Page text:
State Regulation of Rideshare Companies
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States have been addressing the challenges presented by rideshare companies since 2013.
- After first declaring them illegal, California became the first state to legalize rideshare services in 2013 when the California Public Utilities Commission voted to pass proposed rules creating a new class of “transportation network companies.”1
- Colorado was the first state to enact legislation authorizing rideshare services in June 2014.2
- By the end of 2015, 28 states and the District of Columbia had enacted rideshare legislation.3
- New Mexico4, South Dakota5 and West Virginia6 enacted rideshare legislation in the first quarter of 2016.
- As of the end of March 2016, another five states were in the process of considering legislation.7
State rideshare legislation has sought to address a variety of major legislative issues, including:
- The legality of ridesharing;
- Requirements for public safety, including the adequacy of insurance coverage and background checks for drivers;
- Disclosure requirements for regulators and insurers;
- The rights of insurance companies to cancel or not renew insurance for rideshare drivers or deny coverage while engaged in ridesharing;
- Generation of employment opportunities;
- Conflicts with the taxi industry; and
- States’ rights vs. municipal rights.8
Issues of insurance adequacy have produced some of the most significant questions for lawmakers in rideshare legislation.
- Are rideshare drivers covered by personal auto policies, or are more costly commercial policies needed?
- Is coverage sufficient to protect the passenger, the driver and the general public?
- Do drivers, who operate as independent contractors and typically lack benefits afforded full-time employees such as workers’ compensation insurance, have sufficient protections?9
Many of the rideshare laws passed in recent months are based on a model law developed by the National Conference of Insurance Legislators. The model law was based in part on Indiana’s rideshare law
that incorporated compromise language agreed to by rideshare company Uber and insurers. It includes the following features.
- It requires primary auto liability insurance purchased by the driver and/or by the rideshare company to cover the period in which the driver is logged into the online system and is available to receive a transportation request and the period during which the driver is transporting a rider.
- It requires certain disclosures to drivers.
- It requires a rideshare company to have a permit from the state before it can operate there.
- It establishes rules regarding who can serve as a driver.
- It specifies that a rideshare company may meet its insurance requirements by purchasing coverage through an insurer that’s highly rated by a rating agency recognized by the department of insurance.10
While many of the state rideshare laws around the country are similar, some have unique features.
- Rideshare laws in three states—Arkansas, Indiana and North Carolina—require drivers for the companies to be classified as independent contractors.11
- Nevada’s legislation includes a 3 percent excise tax on rideshare and taxi fares. At least $19 million of the $70 million generated by the tax is helping to fund a medical school at the University of Nevada-Las Vegas.12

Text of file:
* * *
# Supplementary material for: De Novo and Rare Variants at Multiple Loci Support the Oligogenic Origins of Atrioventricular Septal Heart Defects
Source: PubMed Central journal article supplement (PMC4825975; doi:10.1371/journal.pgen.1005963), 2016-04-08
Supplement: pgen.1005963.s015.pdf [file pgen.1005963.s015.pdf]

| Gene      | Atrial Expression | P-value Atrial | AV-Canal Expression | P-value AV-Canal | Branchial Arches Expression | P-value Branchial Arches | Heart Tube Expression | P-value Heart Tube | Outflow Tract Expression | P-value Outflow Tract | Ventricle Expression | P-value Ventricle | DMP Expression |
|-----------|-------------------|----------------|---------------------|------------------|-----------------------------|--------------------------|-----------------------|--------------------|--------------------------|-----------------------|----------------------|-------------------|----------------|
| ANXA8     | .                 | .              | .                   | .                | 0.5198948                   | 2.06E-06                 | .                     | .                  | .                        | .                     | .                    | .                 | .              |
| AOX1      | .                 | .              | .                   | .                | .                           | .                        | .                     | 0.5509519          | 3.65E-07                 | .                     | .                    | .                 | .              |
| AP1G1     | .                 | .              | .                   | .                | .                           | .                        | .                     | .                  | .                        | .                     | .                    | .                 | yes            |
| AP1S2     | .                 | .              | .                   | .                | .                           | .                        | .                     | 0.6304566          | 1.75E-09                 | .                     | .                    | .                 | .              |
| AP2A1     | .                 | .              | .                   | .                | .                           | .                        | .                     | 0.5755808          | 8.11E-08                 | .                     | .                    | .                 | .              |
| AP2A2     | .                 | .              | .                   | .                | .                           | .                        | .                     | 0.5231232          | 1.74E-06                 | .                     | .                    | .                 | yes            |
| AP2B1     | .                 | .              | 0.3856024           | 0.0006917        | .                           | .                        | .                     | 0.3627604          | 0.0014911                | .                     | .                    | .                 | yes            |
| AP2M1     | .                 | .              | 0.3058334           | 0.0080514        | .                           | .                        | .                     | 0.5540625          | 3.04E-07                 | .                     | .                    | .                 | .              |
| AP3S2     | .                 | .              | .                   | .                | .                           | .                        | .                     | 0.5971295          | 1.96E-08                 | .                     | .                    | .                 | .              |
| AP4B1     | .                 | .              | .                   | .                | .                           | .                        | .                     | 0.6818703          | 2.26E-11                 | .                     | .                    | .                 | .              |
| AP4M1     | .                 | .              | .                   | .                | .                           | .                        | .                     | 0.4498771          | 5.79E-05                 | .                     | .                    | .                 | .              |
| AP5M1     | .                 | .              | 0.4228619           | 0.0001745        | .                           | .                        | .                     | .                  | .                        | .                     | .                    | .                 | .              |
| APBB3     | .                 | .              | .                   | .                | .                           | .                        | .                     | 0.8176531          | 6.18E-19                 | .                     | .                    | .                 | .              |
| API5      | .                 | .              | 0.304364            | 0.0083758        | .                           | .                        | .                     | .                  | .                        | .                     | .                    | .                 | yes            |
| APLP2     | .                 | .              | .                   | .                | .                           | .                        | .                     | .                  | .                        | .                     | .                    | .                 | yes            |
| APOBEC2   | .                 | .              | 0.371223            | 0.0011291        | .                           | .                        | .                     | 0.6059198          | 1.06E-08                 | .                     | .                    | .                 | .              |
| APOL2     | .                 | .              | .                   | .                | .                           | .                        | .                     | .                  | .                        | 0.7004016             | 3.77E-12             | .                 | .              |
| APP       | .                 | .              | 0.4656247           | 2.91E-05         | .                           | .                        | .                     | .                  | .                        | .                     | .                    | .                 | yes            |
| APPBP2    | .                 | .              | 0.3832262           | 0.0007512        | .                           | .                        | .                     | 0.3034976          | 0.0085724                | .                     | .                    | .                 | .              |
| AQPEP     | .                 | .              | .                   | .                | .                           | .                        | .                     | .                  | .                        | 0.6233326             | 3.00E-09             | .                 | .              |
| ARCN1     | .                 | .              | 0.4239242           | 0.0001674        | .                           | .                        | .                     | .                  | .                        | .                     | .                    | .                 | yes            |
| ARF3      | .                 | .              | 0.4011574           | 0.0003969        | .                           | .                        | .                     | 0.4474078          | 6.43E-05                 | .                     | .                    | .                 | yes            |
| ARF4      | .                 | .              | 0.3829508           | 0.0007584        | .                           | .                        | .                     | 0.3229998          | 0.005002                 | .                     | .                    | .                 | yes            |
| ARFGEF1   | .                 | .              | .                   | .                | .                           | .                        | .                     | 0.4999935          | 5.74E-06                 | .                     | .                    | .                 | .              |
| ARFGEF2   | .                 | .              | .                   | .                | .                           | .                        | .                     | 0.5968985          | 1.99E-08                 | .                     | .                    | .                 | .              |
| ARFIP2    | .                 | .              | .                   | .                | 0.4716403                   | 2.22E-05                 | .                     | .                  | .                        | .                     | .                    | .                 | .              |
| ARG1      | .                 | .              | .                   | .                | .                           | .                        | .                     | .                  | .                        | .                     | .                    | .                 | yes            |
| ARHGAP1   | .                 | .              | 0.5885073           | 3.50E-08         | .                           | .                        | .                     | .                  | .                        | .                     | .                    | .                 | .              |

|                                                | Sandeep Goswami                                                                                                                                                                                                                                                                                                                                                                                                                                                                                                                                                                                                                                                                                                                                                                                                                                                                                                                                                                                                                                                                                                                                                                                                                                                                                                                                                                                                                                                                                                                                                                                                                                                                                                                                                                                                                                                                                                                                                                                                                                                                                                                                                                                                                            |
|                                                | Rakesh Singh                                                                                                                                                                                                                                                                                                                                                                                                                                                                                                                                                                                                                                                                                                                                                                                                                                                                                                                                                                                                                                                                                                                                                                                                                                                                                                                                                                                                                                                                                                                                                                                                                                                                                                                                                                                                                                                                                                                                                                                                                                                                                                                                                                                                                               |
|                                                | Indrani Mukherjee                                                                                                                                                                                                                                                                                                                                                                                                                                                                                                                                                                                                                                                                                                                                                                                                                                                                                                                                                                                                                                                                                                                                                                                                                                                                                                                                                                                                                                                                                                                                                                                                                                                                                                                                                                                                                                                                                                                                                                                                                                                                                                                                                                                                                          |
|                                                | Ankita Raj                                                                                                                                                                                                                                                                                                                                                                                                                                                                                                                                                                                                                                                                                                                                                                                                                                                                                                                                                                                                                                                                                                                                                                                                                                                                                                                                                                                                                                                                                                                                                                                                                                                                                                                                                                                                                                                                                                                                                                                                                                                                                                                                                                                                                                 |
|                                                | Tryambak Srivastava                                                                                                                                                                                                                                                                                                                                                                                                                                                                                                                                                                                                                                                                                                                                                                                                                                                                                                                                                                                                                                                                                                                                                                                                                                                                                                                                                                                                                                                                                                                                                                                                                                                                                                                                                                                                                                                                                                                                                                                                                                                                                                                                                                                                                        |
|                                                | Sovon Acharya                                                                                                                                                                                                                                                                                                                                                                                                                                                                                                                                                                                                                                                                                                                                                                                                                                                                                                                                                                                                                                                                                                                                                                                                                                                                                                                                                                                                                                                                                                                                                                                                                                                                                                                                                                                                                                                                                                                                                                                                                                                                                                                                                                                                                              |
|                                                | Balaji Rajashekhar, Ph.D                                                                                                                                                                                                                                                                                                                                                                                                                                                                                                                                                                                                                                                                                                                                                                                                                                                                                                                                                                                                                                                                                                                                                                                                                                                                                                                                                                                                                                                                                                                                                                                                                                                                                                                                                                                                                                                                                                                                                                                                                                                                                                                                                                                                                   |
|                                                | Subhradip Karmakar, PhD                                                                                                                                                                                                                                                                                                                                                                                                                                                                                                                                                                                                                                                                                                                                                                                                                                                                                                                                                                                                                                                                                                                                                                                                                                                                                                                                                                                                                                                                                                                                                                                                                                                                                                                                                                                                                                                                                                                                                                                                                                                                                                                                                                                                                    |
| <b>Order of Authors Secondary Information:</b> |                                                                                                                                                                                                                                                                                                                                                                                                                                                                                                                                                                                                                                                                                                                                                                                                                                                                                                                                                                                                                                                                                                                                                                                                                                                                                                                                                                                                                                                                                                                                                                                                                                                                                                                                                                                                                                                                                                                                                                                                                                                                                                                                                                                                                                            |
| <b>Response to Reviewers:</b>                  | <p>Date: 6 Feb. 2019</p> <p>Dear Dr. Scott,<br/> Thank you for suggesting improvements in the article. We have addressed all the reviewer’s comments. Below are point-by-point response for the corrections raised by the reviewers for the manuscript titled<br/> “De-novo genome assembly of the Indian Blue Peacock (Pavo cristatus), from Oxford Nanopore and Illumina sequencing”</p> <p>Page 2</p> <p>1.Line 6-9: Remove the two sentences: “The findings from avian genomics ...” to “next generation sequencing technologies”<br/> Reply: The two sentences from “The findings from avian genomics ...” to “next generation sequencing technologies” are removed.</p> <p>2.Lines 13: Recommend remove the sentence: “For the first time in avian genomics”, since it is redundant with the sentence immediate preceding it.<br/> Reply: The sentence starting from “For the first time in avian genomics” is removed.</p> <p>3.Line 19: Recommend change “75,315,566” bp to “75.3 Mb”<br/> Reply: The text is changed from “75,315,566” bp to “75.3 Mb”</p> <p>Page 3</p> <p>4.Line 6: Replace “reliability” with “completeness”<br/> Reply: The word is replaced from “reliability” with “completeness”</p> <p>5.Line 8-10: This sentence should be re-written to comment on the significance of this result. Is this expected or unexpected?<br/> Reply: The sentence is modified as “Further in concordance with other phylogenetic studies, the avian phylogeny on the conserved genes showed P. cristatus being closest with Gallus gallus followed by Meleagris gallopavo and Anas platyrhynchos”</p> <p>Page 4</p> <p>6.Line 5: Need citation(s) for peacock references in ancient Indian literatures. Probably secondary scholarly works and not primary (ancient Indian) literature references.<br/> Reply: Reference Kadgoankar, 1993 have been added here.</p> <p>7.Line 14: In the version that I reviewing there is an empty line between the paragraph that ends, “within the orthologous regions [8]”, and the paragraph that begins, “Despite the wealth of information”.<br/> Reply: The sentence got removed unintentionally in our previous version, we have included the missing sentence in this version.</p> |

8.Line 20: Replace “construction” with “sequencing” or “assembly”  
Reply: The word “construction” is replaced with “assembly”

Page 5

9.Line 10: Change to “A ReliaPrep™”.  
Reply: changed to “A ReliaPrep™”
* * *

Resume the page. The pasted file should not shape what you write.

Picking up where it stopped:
- Maryland’s legislation requires rideshare companies to prove they have a stringent background check system in place that requires fingerprinting of all drivers.13 Under the law, Uber drivers are required to submit fingerprints but the company can ask for a waiver to the rule if it proves its background check is just as rigorous as the fingerprint-based one. The Maryland Public Service Commission is the agency charged with determining if such a waiver is granted.14 Uber has argued against fingerprinting drivers saying they turn up arrests, not convictions, and thus are unfair to populations that get arrested more frequently.15
- Georgia’s legislation requires drivers to be responsible for their own background checks.16
1 Tomio Geron. “California Becomes First State to Regulate Ridesharing Services Lyft, Sidecar, UberX.” Forbes. September 19, 2013.
2 Andy Vuong. “Colorado first to authorize Lyft and Uber’s ridesharing services.” The Denver Post. June 5, 2014.
3 Andrew Moylan and Zach Graves. “Ridescore 2015: Hired Driver Rules in U.S. Cities,” R Street Policy Study No. 48. December 2015.
4 Russell Contreras and Morgan Lee. “New Mexico Governor Signs Ridesharing Bill.” Insurance Journal. March 11, 2016.
5 “Rideshare Insurance Bill Signed by South Dakota Governor.” Insurance Journal. March 23, 2016.
6 Eric Eyre. “WV Senate Oks Uber bill.” West Virginia Gazette Mail. March 1, 2016.
7 R Street. “Map of state-level ridesharing laws.” Updated March 23, 2016.
8 Kim Staking. “Rideshare Companies: Insurance & Regulatory Issues for States—Presentation to State Legislators.” Des Moines, Iowa. February 8, 2016.
10 National Conference of Insurance Legislators. “Legislators Approve Model Law to Regulate Controversial Transportation Network Companies (TNCs),” Press Release. July 19, 2015.
11 Alison Griswold. “Three US states have already blessed Uber’s independent contractor employment model.” Quartz. December 10, 2015.
12 “Nevada lawmakers give green light to measure allowing Uber to operate.” Las Vegas Sun. May 23, 2015.
13 Maryland Senate. Senate Bill 868.
14 WBFF Fox 5 News. “The road ahead for Uber safety.” November 17, 2015.
15 Jordan Graham. “Uber: Don’t fingerprint our drivers.” Boston Herald. February 24, 2016.
16 Andy Sher. “New Tennessee ride-sharing law hailed as model for nation.” Times Free Press. June 16, 2015.
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